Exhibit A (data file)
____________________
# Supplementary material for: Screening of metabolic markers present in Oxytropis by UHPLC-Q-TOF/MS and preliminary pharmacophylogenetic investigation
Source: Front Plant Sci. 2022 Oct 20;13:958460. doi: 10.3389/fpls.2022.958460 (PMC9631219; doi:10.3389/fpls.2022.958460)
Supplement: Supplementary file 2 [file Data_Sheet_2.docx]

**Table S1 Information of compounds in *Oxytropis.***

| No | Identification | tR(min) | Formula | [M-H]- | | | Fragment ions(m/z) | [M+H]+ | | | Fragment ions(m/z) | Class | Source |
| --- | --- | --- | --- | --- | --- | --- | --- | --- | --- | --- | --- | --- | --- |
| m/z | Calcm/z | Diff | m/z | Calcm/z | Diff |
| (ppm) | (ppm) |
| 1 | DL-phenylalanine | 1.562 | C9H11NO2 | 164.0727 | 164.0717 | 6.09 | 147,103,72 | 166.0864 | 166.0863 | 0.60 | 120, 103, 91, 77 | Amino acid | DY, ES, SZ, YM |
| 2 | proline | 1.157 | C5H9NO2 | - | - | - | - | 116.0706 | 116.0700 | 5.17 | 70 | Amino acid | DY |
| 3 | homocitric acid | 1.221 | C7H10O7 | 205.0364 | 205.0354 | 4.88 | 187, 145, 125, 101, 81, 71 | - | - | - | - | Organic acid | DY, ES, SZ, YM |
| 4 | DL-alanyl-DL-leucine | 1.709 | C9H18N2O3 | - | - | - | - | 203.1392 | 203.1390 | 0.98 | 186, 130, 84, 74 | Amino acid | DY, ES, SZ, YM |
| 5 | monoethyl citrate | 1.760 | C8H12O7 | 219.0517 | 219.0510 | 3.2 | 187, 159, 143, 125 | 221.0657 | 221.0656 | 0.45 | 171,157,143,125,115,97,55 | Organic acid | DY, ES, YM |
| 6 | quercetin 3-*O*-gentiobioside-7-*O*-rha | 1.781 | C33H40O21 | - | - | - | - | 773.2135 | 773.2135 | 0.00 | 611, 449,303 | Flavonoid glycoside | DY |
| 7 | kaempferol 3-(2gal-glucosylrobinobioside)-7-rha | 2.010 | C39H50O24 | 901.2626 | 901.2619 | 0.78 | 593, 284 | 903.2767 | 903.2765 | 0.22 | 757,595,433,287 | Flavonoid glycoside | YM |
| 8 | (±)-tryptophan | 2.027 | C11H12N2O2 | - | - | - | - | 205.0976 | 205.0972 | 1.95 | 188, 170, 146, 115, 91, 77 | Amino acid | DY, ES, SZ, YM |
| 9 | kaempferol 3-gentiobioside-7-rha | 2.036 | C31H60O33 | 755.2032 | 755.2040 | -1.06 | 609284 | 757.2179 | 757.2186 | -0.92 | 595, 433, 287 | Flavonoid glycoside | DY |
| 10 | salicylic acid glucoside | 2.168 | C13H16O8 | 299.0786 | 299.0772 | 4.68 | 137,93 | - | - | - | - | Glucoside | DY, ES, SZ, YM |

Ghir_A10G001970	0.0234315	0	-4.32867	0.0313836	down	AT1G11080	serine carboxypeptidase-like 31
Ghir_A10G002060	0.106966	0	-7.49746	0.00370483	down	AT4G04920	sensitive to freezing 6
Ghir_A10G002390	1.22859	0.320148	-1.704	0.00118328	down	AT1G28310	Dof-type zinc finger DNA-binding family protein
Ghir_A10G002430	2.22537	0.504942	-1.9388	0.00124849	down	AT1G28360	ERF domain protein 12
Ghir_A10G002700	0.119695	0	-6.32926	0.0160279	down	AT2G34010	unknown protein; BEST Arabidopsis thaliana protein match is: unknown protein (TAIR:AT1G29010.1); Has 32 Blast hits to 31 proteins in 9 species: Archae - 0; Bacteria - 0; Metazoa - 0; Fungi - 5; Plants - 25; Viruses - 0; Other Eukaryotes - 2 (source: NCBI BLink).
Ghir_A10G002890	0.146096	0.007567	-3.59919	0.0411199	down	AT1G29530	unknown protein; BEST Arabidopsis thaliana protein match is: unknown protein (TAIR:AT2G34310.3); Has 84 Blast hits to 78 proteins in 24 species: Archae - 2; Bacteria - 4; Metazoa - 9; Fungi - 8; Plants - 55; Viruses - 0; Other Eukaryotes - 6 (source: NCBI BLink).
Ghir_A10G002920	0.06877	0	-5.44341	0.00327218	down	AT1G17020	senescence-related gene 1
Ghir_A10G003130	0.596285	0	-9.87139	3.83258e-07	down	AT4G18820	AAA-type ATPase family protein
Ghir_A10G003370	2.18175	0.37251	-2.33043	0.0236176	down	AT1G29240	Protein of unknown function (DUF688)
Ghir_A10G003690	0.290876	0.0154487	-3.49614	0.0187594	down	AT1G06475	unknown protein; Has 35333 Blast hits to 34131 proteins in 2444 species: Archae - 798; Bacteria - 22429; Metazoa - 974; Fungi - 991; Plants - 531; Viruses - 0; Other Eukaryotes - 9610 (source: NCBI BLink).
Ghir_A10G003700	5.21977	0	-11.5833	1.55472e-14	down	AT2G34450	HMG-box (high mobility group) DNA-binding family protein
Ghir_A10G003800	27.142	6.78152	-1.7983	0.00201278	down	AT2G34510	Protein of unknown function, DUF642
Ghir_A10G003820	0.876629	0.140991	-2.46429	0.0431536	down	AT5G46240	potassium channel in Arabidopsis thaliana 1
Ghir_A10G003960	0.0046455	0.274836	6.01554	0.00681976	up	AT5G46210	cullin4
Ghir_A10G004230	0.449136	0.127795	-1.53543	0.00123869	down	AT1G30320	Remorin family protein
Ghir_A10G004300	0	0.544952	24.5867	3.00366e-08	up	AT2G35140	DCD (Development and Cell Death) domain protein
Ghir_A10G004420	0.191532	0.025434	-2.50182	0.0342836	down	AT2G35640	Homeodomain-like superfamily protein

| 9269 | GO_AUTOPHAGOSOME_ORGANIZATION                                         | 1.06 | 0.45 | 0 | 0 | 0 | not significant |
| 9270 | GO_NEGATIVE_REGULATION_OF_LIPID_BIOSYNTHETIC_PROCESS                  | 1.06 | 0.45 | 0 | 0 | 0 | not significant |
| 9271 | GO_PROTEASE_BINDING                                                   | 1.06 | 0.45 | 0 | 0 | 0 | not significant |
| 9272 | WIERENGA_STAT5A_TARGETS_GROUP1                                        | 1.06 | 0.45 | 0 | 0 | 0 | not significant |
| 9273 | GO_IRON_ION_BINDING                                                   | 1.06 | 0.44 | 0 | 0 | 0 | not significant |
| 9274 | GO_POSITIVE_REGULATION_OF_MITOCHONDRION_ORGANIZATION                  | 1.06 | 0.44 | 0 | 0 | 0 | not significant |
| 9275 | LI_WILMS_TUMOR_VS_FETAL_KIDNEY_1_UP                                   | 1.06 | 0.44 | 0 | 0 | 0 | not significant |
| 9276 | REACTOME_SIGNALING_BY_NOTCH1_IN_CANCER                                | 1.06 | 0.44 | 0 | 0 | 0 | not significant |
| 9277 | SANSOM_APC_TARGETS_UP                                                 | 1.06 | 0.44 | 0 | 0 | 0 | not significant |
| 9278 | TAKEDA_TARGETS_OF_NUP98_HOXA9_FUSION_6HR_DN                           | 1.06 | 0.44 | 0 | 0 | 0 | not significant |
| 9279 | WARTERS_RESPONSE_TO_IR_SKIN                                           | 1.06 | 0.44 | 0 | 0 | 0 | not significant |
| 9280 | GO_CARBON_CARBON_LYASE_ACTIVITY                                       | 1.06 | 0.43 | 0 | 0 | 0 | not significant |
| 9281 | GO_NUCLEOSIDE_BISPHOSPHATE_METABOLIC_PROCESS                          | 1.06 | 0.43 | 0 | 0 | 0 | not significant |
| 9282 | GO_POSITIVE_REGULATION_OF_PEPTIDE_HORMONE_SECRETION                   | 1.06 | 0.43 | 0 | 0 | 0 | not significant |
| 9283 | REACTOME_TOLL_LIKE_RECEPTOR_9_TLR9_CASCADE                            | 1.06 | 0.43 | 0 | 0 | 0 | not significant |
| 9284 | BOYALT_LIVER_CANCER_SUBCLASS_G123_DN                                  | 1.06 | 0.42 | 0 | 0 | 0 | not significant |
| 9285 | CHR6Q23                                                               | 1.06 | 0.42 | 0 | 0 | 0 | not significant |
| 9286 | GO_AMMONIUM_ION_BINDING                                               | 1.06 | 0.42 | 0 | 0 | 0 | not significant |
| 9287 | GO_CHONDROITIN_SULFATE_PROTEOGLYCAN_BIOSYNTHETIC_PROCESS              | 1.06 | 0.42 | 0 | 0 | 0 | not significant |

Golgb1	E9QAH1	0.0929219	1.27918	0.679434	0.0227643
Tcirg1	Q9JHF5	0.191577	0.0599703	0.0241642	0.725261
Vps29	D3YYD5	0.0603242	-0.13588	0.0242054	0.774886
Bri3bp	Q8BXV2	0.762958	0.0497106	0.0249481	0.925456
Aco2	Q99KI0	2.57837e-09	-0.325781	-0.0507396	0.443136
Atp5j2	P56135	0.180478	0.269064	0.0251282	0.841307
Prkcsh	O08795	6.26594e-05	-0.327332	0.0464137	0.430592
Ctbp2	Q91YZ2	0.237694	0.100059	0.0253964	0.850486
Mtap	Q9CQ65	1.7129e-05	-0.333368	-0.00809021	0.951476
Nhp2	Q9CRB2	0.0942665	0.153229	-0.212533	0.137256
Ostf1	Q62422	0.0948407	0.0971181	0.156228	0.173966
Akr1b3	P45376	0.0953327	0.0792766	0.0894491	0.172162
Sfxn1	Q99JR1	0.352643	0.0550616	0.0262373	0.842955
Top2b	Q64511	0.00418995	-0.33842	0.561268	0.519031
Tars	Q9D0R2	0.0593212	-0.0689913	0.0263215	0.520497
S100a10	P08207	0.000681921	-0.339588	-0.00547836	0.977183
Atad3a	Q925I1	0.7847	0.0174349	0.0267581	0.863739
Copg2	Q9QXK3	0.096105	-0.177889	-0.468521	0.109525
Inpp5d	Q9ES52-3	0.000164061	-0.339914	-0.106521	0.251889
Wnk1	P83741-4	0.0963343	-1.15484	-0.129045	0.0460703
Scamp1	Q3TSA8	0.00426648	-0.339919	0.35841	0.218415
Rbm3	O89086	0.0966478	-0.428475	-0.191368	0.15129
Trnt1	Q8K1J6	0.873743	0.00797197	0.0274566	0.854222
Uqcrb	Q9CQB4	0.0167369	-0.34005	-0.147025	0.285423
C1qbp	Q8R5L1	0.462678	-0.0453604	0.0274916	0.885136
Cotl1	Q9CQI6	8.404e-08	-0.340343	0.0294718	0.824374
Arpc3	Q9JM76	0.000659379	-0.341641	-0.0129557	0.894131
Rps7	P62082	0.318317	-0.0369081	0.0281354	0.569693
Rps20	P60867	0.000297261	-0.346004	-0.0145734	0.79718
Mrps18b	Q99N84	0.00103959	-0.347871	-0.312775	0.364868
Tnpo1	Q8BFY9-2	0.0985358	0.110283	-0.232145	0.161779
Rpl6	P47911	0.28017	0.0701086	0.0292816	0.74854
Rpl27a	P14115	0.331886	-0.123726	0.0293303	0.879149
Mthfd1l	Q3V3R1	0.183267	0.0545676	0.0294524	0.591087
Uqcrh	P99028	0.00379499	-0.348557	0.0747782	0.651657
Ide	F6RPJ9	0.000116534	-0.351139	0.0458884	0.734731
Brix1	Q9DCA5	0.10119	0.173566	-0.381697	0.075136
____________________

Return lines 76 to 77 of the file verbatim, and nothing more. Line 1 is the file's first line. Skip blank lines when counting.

Rbm3	O89086	0.0966478	-0.428475	-0.191368	0.15129
Trnt1	Q8K1J6	0.873743	0.00797197	0.0274566	0.854222